Snapdragon snobs might insist you need a Qualcomm CPU to have a good Android experience in 2021, but don’t listen to ’em: MediaTek’s Dimensity 810 is an eight-core slab of silicon that gets the job done perfectly well for a wallet-friendly phone. 

It’s fully 5G ready, which might have been headline news a year ago, but now super-quick mobile speeds are hardly a rarity, even at this end of the budget spectrum.

With 6GB of RAM, our handset was a little more adept at multitasking than the entry-level M4 Pro 5G (which makes do with 4GB of memory), but performance is largely on par with  close rivals. Apps open quickly enough, and the homescreen UI feels fluid. Basic web browsing or social media doomscrolling won’t be a problem, but the odd hitch or stutter shouldn’t come as a big surprise. 

It’s a similar story with games: basic puzzlers and 2D click-em-ups will play pretty flawlessly, and more demanding 3D titles like Call of Duty Mobile or Genshin Impact will run at 30fps with sensible graphics settings – just don’t expect to max out that 90Hz display on Ultra details. This isn’t a flagship phone, after all.

Where the M4 Pro 5G does impress is on the battery front. A 5000mAh cell sounds beefy enough for all-day use, but the Poco thrashed our estimates and comfortably lasted into a second day before needing a top-up. If you’re bingeing on Netflix shows or addicted to a particular game you’ll still want to plug in overnight, but for general use this phone has great longevity. 

33W fast charging means you won’t have to spend long chained to the mains, either: expect a full recharge in a little over an hour. That’s about 30% faster than the old M3 Pro, and on par with certain flagship handsets from Samsung.

OS & Software: overwhelming

As far as Android overhauls go, Poco’s skin of choice is one of the more dramatic. MIUI blends elements from both Apple and Google, with a control centre-like notification tray, ultra-colourful icons and an app drawer that’s fit to bursting right out of the box.

Unwanted apps are a big deal here, with what we’d consider ‘bloatware’ hitting double digits – and that’s not including the MIUI-branded versions of Google apps you’ll probably end up downloading from the Play Store anyway. At least you can uninstall the worst offenders.

Some software features don’t seem to do much, like the RAM extension that borrows 2GB of storage space for virtual memory. You’ll only be able to keep three or four apps open at once before they start reloading, whether it’s turned on or not. Other, more useful settings, like swapping the onscreen navigation buttons for gesture controls, are buried deep in the menus.

You wouldn’t know it to look at it, but the M4 Pro 5G is running Android 11 out of the box. Parent company Xiaomi reckons customers can expect two years of OS updates and three years of security patches, which is fairly standard for a budget phone. Still, for a longer lifespan, it’s worth saving some more cash and picking up a Google Pixel or OnePlus handset.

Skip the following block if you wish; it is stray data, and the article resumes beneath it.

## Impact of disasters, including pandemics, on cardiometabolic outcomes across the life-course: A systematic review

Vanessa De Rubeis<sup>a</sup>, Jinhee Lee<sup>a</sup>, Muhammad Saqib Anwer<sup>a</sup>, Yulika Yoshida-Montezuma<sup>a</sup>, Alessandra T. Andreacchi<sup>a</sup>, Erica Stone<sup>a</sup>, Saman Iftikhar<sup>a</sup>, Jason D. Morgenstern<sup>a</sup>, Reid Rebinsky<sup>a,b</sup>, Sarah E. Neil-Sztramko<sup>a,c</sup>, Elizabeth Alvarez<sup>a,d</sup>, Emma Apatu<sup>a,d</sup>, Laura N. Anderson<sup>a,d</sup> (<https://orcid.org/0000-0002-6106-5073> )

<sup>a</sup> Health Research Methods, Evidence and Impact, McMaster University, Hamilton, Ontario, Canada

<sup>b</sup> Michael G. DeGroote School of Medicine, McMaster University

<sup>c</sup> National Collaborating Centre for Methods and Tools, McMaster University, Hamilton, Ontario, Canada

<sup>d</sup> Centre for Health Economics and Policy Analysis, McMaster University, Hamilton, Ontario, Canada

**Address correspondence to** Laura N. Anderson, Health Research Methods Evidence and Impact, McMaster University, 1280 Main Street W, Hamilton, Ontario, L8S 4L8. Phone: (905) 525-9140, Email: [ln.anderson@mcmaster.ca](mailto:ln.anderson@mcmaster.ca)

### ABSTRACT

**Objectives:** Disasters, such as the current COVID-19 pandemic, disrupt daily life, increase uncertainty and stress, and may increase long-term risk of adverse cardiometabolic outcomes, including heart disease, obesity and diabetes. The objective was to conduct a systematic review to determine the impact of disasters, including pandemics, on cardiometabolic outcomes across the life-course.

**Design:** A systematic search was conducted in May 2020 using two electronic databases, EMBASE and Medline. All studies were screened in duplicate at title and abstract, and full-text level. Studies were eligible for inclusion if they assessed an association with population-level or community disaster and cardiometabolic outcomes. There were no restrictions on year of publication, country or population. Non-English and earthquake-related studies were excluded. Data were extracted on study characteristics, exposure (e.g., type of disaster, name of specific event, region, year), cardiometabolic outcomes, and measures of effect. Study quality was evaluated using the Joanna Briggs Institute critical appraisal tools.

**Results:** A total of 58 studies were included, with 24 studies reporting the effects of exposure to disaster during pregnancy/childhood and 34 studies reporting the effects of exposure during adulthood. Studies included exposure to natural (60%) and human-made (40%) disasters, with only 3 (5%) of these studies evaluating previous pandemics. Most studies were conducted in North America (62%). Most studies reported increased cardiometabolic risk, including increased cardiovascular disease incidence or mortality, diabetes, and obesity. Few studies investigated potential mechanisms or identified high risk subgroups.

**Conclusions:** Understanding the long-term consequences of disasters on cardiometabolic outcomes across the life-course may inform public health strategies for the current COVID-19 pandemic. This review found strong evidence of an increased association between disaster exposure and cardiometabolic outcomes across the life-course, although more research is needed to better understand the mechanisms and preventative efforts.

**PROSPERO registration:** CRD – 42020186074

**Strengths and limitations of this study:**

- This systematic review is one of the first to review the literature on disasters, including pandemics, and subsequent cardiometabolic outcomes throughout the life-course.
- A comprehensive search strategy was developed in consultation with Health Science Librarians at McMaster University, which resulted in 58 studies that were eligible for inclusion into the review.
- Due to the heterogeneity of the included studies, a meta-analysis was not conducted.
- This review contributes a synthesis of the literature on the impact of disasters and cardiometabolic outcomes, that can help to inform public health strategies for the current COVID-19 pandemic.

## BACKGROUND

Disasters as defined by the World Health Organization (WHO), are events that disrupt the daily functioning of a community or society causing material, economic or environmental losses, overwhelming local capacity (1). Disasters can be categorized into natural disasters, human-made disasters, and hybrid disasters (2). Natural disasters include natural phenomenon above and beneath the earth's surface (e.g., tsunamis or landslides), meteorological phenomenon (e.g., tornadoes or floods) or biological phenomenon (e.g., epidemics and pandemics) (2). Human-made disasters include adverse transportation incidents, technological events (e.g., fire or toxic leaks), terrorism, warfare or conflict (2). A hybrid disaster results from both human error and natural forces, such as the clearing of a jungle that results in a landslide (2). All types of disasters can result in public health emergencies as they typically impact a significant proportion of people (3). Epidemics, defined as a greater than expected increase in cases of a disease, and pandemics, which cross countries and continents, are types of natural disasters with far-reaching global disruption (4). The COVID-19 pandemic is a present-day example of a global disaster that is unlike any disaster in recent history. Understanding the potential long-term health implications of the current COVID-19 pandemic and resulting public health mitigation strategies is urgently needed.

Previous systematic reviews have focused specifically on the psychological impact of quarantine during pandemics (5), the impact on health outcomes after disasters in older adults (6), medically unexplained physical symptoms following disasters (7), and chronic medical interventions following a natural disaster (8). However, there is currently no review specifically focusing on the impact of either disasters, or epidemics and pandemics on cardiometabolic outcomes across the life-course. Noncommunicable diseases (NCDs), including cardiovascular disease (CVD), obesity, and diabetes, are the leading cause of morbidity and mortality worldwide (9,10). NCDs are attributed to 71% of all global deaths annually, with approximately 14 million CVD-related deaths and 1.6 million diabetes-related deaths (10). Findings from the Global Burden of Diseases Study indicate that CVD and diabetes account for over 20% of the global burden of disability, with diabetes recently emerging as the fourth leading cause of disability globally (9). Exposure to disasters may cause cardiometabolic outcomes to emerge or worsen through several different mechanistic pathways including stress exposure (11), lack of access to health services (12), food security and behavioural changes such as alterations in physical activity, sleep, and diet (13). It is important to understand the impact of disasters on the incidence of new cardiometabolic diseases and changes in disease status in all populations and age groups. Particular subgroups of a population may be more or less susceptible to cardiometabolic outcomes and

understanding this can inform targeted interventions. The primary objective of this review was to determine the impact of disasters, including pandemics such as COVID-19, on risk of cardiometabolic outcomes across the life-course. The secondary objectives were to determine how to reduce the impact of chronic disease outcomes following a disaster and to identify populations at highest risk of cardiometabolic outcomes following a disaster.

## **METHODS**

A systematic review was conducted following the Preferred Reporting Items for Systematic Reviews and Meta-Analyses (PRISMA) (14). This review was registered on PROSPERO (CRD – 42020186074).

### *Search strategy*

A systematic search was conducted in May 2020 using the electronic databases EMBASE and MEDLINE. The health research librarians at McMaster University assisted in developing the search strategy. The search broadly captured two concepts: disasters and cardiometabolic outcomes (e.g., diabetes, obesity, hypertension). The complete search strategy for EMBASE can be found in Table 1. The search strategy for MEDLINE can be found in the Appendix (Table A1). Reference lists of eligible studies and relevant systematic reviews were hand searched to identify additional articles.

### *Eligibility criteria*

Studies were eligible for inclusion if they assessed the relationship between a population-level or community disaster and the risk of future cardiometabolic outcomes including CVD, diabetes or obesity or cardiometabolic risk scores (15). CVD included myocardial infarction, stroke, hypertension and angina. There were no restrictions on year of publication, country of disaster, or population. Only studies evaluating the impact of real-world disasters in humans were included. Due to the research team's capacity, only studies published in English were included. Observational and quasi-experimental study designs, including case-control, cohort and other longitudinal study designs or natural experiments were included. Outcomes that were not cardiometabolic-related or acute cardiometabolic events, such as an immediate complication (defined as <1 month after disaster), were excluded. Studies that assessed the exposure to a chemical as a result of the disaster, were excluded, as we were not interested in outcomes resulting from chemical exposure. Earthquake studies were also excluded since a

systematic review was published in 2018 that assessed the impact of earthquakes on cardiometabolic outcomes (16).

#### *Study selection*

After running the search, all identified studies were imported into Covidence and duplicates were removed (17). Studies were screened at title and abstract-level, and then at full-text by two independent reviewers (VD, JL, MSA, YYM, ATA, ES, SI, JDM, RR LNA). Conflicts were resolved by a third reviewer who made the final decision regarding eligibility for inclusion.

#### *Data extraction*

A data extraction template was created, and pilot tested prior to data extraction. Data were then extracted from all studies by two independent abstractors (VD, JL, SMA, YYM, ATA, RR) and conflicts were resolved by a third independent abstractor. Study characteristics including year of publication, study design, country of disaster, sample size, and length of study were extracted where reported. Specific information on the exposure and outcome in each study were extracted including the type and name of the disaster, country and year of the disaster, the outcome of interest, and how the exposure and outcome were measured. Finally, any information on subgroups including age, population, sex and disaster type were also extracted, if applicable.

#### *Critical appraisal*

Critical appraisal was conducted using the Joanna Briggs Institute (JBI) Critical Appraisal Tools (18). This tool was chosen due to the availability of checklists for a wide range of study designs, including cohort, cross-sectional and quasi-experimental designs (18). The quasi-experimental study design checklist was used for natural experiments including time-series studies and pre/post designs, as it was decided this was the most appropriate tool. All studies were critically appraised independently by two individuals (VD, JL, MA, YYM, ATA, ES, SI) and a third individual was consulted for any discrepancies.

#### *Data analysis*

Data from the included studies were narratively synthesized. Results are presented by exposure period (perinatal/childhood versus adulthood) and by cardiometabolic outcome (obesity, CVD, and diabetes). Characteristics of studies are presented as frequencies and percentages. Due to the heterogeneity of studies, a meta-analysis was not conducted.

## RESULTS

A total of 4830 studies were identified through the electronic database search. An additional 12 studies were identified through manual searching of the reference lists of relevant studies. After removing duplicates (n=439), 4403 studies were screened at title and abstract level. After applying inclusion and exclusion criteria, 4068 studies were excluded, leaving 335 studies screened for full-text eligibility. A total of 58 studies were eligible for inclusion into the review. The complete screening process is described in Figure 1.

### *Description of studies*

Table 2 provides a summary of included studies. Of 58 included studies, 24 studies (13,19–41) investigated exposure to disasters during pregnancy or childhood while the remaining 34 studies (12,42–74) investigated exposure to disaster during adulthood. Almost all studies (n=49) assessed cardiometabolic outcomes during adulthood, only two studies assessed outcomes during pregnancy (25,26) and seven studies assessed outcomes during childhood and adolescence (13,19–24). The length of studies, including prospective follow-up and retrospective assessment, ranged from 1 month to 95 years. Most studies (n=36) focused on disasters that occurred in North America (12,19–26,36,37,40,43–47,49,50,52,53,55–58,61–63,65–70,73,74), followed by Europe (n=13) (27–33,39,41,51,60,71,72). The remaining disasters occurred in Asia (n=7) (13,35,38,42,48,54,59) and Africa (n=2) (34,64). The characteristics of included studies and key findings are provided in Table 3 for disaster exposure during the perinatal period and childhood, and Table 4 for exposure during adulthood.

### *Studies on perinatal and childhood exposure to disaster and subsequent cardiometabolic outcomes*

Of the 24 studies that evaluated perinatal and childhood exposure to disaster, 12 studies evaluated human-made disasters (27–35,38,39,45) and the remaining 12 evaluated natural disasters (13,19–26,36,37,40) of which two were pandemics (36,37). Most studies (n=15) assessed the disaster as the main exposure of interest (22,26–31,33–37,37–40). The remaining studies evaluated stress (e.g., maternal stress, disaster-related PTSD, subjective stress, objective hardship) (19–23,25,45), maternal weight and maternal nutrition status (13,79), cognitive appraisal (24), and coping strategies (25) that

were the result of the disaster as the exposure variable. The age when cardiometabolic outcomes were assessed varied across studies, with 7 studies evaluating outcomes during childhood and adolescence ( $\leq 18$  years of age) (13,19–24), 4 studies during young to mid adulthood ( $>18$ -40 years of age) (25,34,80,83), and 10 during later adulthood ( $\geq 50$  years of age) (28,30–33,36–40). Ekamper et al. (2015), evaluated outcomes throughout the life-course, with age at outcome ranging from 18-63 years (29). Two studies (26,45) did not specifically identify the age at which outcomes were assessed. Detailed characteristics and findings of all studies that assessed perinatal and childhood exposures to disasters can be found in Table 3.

Poco M4 Pro 5G verdict

If you’ve got a tight budget, but still demand a lengthy feature list, the Poco M4 Pro 5G won’t disappoint. A capable CPU, rapid battery charging and a sensible camera selection make it a step up from the M3 Pro (albeit a fairly minor one), and it hasn’t sacrificed useful additions like expandable storage in order to keep the cost in check.

With no shortage of bargain competition, though, the M4 Pro isn’t as big a steal as previous Poco handsets, and spending a little extra on something like the OnePlus Nord CE 5G will get you luxuries like an OLED screen and in-display fingerprint sensor.

You’ll need to accept that low-light photography won’t be on the menu, and prepare to spend some time tweaking the interface for the M4 Pro 5G to earn a place in your pocket.

Stuff Says…

Score: 4/5

A thrifty phone that doesn’t take too many shortcuts. It may not be a true bargain like previous Poco phones, and the cut-price competition is fierce, but the M4 Pro 5G still does a lot for not a lot.

Good Stuff

Well-rounded hardware at a great price

Dependable battery life

Decent daylight cameras

Bad Stuff

Low light snaps aren’t all that

Overbearing OS

Not a massive improvement over last year

Tech specs
Screen6.6in, 2400×1080 IPD LCD w/ 90Hz refresh rate, 20:9 aspect ratio
CPUMediaTek Dimensity 810 octa-core
Memory 6GB RAM
Storage128GB on-board, microSD expansion
Camera 50MP, f/1.8 w/ phase-detect autofocus, LED flash. 8MP, f/2.2 ultrawide. 16MP, f/2.5 front
Operating systemAndroid 11 w/ MIUI 12.5
Battery 5000mAh non-removable, 33W fast-charging
Dimensions16.4 x 7.6 x 8.8cm, 195g
Profile image of Tom Morgan-Freelander Tom Morgan-Freelander Deputy Editor


A tech addict from about the age of three (seriously, he's got the VHS tapes to prove it), Tom's been writing about gadgets, games and everything in between for the past decade, with a slight diversion into the world of automotive in between. As Deputy Editor, Tom keeps the website ticking along, jam-packed with the hottest gadget news and reviews.  When he's not on the road attending launch events, you can usually find him scouring the web for the latest news, to feed Stuff readers' insatiable appetite for tech.

Areas of expertise

Smartphones/tablets/computing, cameras, home cinema, automotive, virtual reality, gaming